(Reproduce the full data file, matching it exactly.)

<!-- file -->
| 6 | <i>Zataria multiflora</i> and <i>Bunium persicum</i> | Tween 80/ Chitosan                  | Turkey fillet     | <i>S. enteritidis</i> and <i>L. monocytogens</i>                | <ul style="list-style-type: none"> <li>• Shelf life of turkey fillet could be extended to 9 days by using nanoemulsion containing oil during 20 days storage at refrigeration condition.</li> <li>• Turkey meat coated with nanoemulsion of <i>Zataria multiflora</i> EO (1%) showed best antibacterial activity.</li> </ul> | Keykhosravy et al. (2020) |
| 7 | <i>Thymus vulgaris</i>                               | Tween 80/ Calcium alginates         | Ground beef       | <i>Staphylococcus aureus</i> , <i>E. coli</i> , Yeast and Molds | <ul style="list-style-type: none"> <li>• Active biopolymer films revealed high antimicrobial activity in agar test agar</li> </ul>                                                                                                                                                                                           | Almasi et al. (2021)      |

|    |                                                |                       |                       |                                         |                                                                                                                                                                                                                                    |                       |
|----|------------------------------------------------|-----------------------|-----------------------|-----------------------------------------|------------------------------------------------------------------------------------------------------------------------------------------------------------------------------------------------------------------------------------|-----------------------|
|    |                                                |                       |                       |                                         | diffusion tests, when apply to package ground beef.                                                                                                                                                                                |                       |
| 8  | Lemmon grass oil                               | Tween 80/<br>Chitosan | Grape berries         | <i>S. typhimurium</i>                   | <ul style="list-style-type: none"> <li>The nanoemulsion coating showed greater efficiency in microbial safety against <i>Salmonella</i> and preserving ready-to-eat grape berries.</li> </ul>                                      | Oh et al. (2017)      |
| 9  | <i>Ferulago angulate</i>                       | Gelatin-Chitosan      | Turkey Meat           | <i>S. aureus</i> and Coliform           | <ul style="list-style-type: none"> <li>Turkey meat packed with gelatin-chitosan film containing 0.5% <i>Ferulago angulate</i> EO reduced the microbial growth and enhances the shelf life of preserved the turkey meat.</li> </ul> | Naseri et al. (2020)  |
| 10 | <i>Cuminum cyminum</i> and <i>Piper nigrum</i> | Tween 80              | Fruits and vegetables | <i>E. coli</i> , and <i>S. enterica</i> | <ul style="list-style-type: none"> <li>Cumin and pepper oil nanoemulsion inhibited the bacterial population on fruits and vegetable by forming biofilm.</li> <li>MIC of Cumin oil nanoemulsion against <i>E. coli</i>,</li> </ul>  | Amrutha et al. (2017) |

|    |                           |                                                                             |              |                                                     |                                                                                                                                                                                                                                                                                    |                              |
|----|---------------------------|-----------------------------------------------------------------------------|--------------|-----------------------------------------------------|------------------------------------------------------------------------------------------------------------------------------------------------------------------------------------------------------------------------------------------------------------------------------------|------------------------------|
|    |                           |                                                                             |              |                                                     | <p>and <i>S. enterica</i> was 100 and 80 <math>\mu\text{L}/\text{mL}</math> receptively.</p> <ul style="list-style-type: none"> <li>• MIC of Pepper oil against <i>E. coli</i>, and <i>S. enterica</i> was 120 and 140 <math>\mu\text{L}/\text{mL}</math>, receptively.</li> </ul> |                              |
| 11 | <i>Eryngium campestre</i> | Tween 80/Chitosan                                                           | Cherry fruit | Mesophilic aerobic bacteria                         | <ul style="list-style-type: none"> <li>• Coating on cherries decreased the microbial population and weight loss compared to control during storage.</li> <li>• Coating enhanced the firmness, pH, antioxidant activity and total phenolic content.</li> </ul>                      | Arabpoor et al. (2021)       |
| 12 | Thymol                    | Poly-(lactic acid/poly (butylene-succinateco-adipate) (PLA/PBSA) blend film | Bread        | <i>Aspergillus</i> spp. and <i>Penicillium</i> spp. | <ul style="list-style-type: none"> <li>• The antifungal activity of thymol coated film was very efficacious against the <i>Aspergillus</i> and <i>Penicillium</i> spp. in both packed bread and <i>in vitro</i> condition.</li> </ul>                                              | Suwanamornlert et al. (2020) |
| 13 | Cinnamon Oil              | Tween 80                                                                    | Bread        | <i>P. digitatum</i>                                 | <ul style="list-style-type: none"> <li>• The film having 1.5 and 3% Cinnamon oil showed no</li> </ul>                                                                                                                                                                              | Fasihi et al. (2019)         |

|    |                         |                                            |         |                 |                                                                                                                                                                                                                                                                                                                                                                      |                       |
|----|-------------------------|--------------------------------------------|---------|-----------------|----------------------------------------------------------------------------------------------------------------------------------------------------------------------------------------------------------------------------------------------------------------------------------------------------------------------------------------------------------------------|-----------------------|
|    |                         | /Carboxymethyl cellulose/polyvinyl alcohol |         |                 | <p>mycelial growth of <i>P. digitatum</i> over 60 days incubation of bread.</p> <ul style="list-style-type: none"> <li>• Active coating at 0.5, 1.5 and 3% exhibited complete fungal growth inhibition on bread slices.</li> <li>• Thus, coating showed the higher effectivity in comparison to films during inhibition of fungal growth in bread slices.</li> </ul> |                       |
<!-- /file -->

| 6 | <i>Zataria multiflora</i> and <i>Bunium persicum</i> | Tween 80/ Chitosan                  | Turkey fillet     | <i>S. enteritidis</i> and <i>L. monocytogens</i>                | <ul style="list-style-type: none"> <li>• Shelf life of turkey fillet could be extended to 9 days by using nanoemulsion containing oil during 20 days storage at refrigeration condition.</li> <li>• Turkey meat coated with nanoemulsion of <i>Zataria multiflora</i> EO (1%) showed best antibacterial activity.</li> </ul> | Keykhosravy et al. (2020) |
| 7 | <i>Thymus vulgaris</i>                               | Tween 80/ Calcium alginates         | Ground beef       | <i>Staphylococcus aureus</i> , <i>E. coli</i> , Yeast and Molds | <ul style="list-style-type: none"> <li>• Active biopolymer films revealed high antimicrobial activity in agar test agar</li> </ul>                                                                                                                                                                                           | Almasi et al. (2021)      |

|    |                                                |                       |                       |                                         |                                                                                                                                                                                                                                    |                       |
|----|------------------------------------------------|-----------------------|-----------------------|-----------------------------------------|------------------------------------------------------------------------------------------------------------------------------------------------------------------------------------------------------------------------------------|-----------------------|
|    |                                                |                       |                       |                                         | diffusion tests, when apply to package ground beef.                                                                                                                                                                                |                       |
| 8  | Lemmon grass oil                               | Tween 80/<br>Chitosan | Grape berries         | <i>S. typhimurium</i>                   | <ul style="list-style-type: none"> <li>The nanoemulsion coating showed greater efficiency in microbial safety against <i>Salmonella</i> and preserving ready-to-eat grape berries.</li> </ul>                                      | Oh et al. (2017)      |
| 9  | <i>Ferulago angulate</i>                       | Gelatin-Chitosan      | Turkey Meat           | <i>S. aureus</i> and Coliform           | <ul style="list-style-type: none"> <li>Turkey meat packed with gelatin-chitosan film containing 0.5% <i>Ferulago angulate</i> EO reduced the microbial growth and enhances the shelf life of preserved the turkey meat.</li> </ul> | Naseri et al. (2020)  |
| 10 | <i>Cuminum cyminum</i> and <i>Piper nigrum</i> | Tween 80              | Fruits and vegetables | <i>E. coli</i> , and <i>S. enterica</i> | <ul style="list-style-type: none"> <li>Cumin and pepper oil nanoemulsion inhibited the bacterial population on fruits and vegetable by forming biofilm.</li> <li>MIC of Cumin oil nanoemulsion against <i>E. coli</i>,</li> </ul>  | Amrutha et al. (2017) |

|    |                           |                                                                             |              |                                                     |                                                                                                                                                                                                                                                                                    |                              |
|----|---------------------------|-----------------------------------------------------------------------------|--------------|-----------------------------------------------------|------------------------------------------------------------------------------------------------------------------------------------------------------------------------------------------------------------------------------------------------------------------------------------|------------------------------|
|    |                           |                                                                             |              |                                                     | <p>and <i>S. enterica</i> was 100 and 80 <math>\mu\text{L}/\text{mL}</math> receptively.</p> <ul style="list-style-type: none"> <li>• MIC of Pepper oil against <i>E. coli</i>, and <i>S. enterica</i> was 120 and 140 <math>\mu\text{L}/\text{mL}</math>, receptively.</li> </ul> |                              |
| 11 | <i>Eryngium campestre</i> | Tween 80/Chitosan                                                           | Cherry fruit | Mesophilic aerobic bacteria                         | <ul style="list-style-type: none"> <li>• Coating on cherries decreased the microbial population and weight loss compared to control during storage.</li> <li>• Coating enhanced the firmness, pH, antioxidant activity and total phenolic content.</li> </ul>                      | Arabpoor et al. (2021)       |
| 12 | Thymol                    | Poly-(lactic acid/poly (butylene-succinateco-adipate) (PLA/PBSA) blend film | Bread        | <i>Aspergillus</i> spp. and <i>Penicillium</i> spp. | <ul style="list-style-type: none"> <li>• The antifungal activity of thymol coated film was very efficacious against the <i>Aspergillus</i> and <i>Penicillium</i> spp. in both packed bread and <i>in vitro</i> condition.</li> </ul>                                              | Suwanamornlert et al. (2020) |
| 13 | Cinnamon Oil              | Tween 80                                                                    | Bread        | <i>P. digitatum</i>                                 | <ul style="list-style-type: none"> <li>• The film having 1.5 and 3% Cinnamon oil showed no</li> </ul>                                                                                                                                                                              | Fasihi et al. (2019)         |

|    |                         |                                            |         |                 |                                                                                                                                                                                                                                                                                                                                                                      |                       |
|----|-------------------------|--------------------------------------------|---------|-----------------|----------------------------------------------------------------------------------------------------------------------------------------------------------------------------------------------------------------------------------------------------------------------------------------------------------------------------------------------------------------------|-----------------------|
|    |                         | /Carboxymethyl cellulose/polyvinyl alcohol |         |                 | <p>mycelial growth of <i>P. digitatum</i> over 60 days incubation of bread.</p> <ul style="list-style-type: none"> <li>• Active coating at 0.5, 1.5 and 3% exhibited complete fungal growth inhibition on bread slices.</li> <li>• Thus, coating showed the higher effectivity in comparison to films during inhibition of fungal growth in bread slices.</li> </ul> |                       |